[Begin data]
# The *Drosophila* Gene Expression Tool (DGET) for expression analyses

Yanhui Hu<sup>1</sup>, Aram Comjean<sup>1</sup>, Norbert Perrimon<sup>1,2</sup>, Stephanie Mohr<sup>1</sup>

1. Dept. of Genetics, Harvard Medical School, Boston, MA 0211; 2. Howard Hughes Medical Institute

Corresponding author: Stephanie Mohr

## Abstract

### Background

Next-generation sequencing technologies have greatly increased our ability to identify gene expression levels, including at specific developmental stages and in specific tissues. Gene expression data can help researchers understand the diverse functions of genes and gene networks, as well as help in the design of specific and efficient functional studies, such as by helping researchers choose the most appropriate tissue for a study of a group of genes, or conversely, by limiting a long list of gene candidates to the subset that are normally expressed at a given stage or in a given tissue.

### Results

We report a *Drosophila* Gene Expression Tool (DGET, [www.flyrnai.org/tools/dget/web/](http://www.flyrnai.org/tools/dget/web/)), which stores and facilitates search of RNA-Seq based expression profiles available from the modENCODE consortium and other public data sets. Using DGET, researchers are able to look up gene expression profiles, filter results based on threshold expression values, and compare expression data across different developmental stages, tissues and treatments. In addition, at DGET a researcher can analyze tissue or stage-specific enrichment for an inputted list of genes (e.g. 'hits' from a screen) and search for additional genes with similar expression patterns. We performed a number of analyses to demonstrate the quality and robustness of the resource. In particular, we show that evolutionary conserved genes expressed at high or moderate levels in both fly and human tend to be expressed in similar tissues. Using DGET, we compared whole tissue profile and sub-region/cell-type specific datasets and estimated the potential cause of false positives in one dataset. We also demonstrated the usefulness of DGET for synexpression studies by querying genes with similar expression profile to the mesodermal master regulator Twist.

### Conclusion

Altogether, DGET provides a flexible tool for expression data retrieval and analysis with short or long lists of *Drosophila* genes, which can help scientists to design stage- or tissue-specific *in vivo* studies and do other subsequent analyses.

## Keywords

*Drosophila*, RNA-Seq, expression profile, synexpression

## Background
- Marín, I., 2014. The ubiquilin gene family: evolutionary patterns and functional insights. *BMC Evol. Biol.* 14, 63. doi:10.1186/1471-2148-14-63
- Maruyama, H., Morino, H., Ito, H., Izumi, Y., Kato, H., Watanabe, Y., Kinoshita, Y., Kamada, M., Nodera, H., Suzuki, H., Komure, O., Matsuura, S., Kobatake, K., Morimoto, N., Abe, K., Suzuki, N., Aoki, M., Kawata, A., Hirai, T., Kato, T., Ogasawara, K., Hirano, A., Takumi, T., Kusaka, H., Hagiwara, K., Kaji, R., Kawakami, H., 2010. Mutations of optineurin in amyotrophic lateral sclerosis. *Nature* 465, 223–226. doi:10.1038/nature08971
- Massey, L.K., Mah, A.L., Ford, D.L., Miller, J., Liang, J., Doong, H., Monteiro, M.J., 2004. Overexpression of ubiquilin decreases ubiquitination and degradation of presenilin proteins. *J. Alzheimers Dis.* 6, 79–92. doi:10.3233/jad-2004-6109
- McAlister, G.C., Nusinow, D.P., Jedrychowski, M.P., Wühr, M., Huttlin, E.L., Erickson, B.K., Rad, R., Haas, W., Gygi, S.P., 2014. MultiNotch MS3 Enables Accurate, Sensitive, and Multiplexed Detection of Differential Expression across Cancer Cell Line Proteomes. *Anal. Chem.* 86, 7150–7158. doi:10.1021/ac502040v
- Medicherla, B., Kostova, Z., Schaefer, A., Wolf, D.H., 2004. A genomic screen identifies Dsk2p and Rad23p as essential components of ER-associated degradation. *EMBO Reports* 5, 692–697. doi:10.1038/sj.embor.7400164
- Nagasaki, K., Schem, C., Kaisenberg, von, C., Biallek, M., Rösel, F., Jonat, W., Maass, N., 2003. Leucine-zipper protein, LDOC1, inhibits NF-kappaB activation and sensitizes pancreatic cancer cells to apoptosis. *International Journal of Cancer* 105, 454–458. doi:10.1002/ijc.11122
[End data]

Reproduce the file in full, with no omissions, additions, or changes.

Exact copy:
# The *Drosophila* Gene Expression Tool (DGET) for expression analyses

Yanhui Hu<sup>1</sup>, Aram Comjean<sup>1</sup>, Norbert Perrimon<sup>1,2</sup>, Stephanie Mohr<sup>1</sup>

1. Dept. of Genetics, Harvard Medical School, Boston, MA 0211; 2. Howard Hughes Medical Institute

Corresponding author: Stephanie Mohr

## Abstract

### Background

Next-generation sequencing technologies have greatly increased our ability to identify gene expression levels, including at specific developmental stages and in specific tissues. Gene expression data can help researchers understand the diverse functions of genes and gene networks, as well as help in the design of specific and efficient functional studies, such as by helping researchers choose the most appropriate tissue for a study of a group of genes, or conversely, by limiting a long list of gene candidates to the subset that are normally expressed at a given stage or in a given tissue.

### Results

We report a *Drosophila* Gene Expression Tool (DGET, [www.flyrnai.org/tools/dget/web/](http://www.flyrnai.org/tools/dget/web/)), which stores and facilitates search of RNA-Seq based expression profiles available from the modENCODE consortium and other public data sets. Using DGET, researchers are able to look up gene expression profiles, filter results based on threshold expression values, and compare expression data across different developmental stages, tissues and treatments. In addition, at DGET a researcher can analyze tissue or stage-specific enrichment for an inputted list of genes (e.g. 'hits' from a screen) and search for additional genes with similar expression patterns. We performed a number of analyses to demonstrate the quality and robustness of the resource. In particular, we show that evolutionary conserved genes expressed at high or moderate levels in both fly and human tend to be expressed in similar tissues. Using DGET, we compared whole tissue profile and sub-region/cell-type specific datasets and estimated the potential cause of false positives in one dataset. We also demonstrated the usefulness of DGET for synexpression studies by querying genes with similar expression profile to the mesodermal master regulator Twist.

### Conclusion

Altogether, DGET provides a flexible tool for expression data retrieval and analysis with short or long lists of *Drosophila* genes, which can help scientists to design stage- or tissue-specific *in vivo* studies and do other subsequent analyses.

## Keywords

*Drosophila*, RNA-Seq, expression profile, synexpression

## Background
- Marín, I., 2014. The ubiquilin gene family: evolutionary patterns and functional insights. *BMC Evol. Biol.* 14, 63. doi:10.1186/1471-2148-14-63
- Maruyama, H., Morino, H., Ito, H., Izumi, Y., Kato, H., Watanabe, Y., Kinoshita, Y., Kamada, M., Nodera, H., Suzuki, H., Komure, O., Matsuura, S., Kobatake, K., Morimoto, N., Abe, K., Suzuki, N., Aoki, M., Kawata, A., Hirai, T., Kato, T., Ogasawara, K., Hirano, A., Takumi, T., Kusaka, H., Hagiwara, K., Kaji, R., Kawakami, H., 2010. Mutations of optineurin in amyotrophic lateral sclerosis. *Nature* 465, 223–226. doi:10.1038/nature08971
- Massey, L.K., Mah, A.L., Ford, D.L., Miller, J., Liang, J., Doong, H., Monteiro, M.J., 2004. Overexpression of ubiquilin decreases ubiquitination and degradation of presenilin proteins. *J. Alzheimers Dis.* 6, 79–92. doi:10.3233/jad-2004-6109
- McAlister, G.C., Nusinow, D.P., Jedrychowski, M.P., Wühr, M., Huttlin, E.L., Erickson, B.K., Rad, R., Haas, W., Gygi, S.P., 2014. MultiNotch MS3 Enables Accurate, Sensitive, and Multiplexed Detection of Differential Expression across Cancer Cell Line Proteomes. *Anal. Chem.* 86, 7150–7158. doi:10.1021/ac502040v
- Medicherla, B., Kostova, Z., Schaefer, A., Wolf, D.H., 2004. A genomic screen identifies Dsk2p and Rad23p as essential components of ER-associated degradation. *EMBO Reports* 5, 692–697. doi:10.1038/sj.embor.7400164
- Nagasaki, K., Schem, C., Kaisenberg, von, C., Biallek, M., Rösel, F., Jonat, W., Maass, N., 2003. Leucine-zipper protein, LDOC1, inhibits NF-kappaB activation and sensitizes pancreatic cancer cells to apoptosis. *International Journal of Cancer* 105, 454–458. doi:10.1002/ijc.11122